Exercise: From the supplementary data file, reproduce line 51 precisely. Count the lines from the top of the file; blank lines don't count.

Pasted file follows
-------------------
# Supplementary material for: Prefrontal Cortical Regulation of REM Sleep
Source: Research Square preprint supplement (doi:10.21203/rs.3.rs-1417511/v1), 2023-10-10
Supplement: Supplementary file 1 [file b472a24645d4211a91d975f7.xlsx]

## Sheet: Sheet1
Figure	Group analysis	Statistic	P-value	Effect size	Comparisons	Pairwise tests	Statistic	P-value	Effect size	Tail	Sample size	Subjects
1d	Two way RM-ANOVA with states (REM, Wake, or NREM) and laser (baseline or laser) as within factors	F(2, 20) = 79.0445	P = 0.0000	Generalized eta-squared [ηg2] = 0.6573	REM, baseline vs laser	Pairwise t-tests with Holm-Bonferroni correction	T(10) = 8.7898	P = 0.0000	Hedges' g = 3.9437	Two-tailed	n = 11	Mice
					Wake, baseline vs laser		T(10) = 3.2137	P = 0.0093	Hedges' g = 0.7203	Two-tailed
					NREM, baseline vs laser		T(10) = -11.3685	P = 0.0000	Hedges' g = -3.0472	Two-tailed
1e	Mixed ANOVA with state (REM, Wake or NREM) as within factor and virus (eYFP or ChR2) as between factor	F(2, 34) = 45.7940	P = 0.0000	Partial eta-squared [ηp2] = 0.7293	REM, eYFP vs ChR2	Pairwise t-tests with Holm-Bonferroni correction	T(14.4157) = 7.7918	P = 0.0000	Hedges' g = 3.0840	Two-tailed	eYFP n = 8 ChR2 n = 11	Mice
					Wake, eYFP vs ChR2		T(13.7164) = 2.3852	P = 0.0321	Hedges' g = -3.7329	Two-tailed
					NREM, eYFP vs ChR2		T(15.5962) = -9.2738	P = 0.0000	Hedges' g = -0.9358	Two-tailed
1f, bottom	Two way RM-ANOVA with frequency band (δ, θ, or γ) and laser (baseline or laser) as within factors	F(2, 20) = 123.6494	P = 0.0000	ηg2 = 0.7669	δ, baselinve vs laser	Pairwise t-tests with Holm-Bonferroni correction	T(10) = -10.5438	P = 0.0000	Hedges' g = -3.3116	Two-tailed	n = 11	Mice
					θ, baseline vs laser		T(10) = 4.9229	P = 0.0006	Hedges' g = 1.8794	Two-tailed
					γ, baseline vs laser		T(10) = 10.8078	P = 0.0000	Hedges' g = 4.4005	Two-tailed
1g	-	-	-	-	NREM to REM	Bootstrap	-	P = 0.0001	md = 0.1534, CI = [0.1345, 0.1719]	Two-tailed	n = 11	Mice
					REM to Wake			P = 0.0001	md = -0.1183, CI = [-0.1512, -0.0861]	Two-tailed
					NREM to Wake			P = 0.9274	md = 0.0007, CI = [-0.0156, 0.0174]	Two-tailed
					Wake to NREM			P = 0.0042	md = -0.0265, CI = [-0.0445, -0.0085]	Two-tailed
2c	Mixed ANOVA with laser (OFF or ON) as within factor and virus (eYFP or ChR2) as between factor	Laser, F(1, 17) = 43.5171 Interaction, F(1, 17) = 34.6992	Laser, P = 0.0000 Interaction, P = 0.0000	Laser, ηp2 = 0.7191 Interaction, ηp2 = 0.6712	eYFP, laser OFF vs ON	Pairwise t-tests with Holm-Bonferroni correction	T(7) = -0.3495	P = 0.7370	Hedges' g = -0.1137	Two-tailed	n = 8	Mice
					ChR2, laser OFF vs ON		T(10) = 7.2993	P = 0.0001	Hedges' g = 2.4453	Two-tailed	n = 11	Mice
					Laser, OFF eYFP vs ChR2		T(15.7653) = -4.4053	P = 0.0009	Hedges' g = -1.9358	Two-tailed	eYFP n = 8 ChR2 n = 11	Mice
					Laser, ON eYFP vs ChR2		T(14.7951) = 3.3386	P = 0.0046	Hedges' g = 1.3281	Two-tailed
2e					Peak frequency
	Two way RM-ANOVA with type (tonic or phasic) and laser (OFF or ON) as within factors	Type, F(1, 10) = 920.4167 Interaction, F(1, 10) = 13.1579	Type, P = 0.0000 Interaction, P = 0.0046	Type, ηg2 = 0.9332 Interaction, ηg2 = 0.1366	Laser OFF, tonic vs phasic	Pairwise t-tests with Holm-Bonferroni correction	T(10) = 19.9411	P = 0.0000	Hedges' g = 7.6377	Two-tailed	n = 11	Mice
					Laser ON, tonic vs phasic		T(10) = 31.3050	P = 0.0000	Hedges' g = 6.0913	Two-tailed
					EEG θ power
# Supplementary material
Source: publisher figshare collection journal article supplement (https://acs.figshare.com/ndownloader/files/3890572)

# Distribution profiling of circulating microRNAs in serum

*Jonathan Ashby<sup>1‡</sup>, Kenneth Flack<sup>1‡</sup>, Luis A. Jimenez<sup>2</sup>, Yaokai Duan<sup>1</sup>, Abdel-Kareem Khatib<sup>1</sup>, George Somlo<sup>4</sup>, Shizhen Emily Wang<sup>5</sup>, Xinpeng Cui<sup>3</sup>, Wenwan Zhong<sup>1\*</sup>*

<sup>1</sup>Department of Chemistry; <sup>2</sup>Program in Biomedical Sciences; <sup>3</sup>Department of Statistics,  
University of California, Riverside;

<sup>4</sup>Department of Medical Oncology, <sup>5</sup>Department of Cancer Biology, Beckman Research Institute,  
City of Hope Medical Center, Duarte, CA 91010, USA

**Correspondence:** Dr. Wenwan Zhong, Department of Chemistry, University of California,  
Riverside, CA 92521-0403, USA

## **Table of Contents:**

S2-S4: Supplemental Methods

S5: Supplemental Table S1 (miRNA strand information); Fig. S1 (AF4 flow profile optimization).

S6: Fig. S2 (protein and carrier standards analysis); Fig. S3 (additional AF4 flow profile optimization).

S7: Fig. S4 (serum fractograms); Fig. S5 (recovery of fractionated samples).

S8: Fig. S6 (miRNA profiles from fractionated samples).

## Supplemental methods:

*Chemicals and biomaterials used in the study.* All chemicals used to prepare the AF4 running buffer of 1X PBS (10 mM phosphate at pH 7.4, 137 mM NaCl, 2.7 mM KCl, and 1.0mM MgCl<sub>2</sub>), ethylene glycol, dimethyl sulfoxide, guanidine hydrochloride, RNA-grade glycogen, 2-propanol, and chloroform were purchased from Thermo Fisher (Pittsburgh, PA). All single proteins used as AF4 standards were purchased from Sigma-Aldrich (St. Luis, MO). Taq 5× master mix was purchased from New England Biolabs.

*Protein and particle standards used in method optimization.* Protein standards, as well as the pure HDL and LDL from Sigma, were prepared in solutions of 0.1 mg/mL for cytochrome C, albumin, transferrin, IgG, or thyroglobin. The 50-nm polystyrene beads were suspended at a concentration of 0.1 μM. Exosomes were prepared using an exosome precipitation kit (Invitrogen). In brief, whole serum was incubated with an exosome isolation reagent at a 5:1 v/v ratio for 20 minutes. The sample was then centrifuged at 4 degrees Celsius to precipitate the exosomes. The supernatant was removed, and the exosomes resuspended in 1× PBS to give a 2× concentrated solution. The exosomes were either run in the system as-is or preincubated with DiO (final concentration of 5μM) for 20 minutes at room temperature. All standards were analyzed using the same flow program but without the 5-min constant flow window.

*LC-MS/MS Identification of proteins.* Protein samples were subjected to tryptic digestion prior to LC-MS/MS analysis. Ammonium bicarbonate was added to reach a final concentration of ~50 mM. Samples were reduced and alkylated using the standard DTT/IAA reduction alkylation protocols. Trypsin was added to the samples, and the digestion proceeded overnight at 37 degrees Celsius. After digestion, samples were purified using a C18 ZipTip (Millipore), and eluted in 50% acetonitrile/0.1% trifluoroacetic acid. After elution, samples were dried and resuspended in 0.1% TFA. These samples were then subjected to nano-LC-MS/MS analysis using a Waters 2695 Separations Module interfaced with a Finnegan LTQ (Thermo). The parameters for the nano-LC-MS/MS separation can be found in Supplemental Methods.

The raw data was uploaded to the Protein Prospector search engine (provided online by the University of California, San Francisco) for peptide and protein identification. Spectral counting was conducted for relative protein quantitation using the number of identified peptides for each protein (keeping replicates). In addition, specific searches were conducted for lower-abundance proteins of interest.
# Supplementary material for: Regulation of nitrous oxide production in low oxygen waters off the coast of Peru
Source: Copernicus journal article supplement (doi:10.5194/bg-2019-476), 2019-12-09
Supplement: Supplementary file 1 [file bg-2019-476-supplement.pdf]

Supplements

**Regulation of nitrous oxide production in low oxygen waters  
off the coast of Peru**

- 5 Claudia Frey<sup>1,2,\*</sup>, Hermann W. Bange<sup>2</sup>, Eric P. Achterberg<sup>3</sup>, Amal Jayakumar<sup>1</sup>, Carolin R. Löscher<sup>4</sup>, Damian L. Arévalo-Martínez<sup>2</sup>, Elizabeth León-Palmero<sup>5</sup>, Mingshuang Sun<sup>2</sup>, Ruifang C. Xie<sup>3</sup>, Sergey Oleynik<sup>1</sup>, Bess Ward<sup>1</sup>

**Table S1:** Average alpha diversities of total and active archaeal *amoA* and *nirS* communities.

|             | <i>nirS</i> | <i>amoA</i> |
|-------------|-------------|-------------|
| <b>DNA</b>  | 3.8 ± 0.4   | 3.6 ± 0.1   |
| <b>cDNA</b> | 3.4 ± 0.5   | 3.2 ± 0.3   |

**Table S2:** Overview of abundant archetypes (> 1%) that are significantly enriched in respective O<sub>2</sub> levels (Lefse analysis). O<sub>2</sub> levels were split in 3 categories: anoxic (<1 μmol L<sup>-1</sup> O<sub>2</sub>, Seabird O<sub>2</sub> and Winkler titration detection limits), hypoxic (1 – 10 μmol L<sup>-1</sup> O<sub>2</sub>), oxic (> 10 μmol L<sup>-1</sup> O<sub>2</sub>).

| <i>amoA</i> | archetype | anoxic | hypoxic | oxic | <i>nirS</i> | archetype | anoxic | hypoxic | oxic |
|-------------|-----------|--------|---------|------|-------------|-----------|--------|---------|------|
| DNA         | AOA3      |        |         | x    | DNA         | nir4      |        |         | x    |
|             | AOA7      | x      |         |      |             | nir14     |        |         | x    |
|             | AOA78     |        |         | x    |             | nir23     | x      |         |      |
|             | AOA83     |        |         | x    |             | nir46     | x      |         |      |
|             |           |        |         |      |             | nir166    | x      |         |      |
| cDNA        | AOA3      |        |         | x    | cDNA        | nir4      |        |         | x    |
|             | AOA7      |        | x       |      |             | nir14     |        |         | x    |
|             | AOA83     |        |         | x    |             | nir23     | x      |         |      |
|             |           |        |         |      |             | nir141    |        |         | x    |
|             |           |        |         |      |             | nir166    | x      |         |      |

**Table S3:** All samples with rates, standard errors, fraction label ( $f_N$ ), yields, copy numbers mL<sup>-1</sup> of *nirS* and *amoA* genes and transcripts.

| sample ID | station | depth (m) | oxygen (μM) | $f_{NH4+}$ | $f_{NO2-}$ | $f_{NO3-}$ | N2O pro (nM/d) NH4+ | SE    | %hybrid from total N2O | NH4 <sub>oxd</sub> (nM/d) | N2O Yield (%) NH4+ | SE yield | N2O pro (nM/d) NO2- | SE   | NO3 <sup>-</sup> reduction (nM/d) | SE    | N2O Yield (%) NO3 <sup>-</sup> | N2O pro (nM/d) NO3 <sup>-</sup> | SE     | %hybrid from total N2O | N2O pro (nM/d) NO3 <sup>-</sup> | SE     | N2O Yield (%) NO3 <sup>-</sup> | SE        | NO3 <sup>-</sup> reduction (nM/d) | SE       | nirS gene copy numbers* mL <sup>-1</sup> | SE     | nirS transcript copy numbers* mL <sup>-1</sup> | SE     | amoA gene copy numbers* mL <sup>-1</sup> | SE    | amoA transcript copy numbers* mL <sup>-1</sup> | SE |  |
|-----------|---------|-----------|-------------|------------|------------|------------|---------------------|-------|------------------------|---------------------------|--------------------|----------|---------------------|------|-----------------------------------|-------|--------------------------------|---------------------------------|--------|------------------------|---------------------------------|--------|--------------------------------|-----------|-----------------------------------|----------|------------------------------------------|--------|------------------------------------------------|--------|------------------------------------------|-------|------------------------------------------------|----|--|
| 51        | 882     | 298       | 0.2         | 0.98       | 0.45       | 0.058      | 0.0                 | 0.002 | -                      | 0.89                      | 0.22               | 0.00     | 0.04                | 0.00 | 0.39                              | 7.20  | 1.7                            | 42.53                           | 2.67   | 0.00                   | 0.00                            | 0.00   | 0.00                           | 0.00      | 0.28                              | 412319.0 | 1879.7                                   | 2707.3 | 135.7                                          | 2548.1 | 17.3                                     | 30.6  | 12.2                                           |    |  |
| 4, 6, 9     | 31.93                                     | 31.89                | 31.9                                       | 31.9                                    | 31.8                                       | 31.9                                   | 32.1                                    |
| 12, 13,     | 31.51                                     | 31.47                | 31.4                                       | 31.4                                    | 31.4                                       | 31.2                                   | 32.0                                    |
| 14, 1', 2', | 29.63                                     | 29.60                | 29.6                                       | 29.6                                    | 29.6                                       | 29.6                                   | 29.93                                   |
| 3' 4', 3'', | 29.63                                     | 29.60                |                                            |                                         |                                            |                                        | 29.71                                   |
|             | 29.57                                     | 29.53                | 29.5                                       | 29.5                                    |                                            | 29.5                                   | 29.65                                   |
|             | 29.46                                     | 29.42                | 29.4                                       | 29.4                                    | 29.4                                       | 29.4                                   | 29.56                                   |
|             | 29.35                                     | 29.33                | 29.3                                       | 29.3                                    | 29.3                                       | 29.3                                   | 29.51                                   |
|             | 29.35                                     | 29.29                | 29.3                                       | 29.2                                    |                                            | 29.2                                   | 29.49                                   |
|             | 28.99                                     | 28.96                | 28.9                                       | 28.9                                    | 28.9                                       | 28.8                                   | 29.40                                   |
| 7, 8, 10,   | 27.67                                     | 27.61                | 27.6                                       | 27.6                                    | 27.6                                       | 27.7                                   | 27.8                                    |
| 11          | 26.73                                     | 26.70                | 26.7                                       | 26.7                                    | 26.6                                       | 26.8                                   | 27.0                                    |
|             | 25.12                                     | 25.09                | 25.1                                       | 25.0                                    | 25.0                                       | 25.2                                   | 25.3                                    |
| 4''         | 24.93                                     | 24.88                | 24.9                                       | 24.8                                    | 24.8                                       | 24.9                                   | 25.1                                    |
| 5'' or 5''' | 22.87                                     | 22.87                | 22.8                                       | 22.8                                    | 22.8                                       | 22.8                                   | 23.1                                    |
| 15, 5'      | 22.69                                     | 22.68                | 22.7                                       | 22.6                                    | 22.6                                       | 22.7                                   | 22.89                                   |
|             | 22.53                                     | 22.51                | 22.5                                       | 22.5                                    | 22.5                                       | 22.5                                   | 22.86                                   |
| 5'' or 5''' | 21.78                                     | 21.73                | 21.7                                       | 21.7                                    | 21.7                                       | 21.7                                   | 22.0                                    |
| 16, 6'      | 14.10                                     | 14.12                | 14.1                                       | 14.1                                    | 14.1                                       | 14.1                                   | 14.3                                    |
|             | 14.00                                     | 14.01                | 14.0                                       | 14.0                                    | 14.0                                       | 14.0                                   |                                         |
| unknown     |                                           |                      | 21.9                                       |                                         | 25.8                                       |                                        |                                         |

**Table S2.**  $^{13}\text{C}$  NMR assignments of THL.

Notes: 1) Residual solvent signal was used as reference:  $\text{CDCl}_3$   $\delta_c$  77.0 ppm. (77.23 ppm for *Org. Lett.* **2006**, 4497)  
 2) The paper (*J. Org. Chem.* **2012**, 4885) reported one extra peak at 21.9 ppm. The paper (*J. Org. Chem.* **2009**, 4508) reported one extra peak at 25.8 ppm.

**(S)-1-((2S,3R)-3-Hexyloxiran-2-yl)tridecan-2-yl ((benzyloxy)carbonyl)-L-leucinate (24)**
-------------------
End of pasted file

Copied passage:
Supplements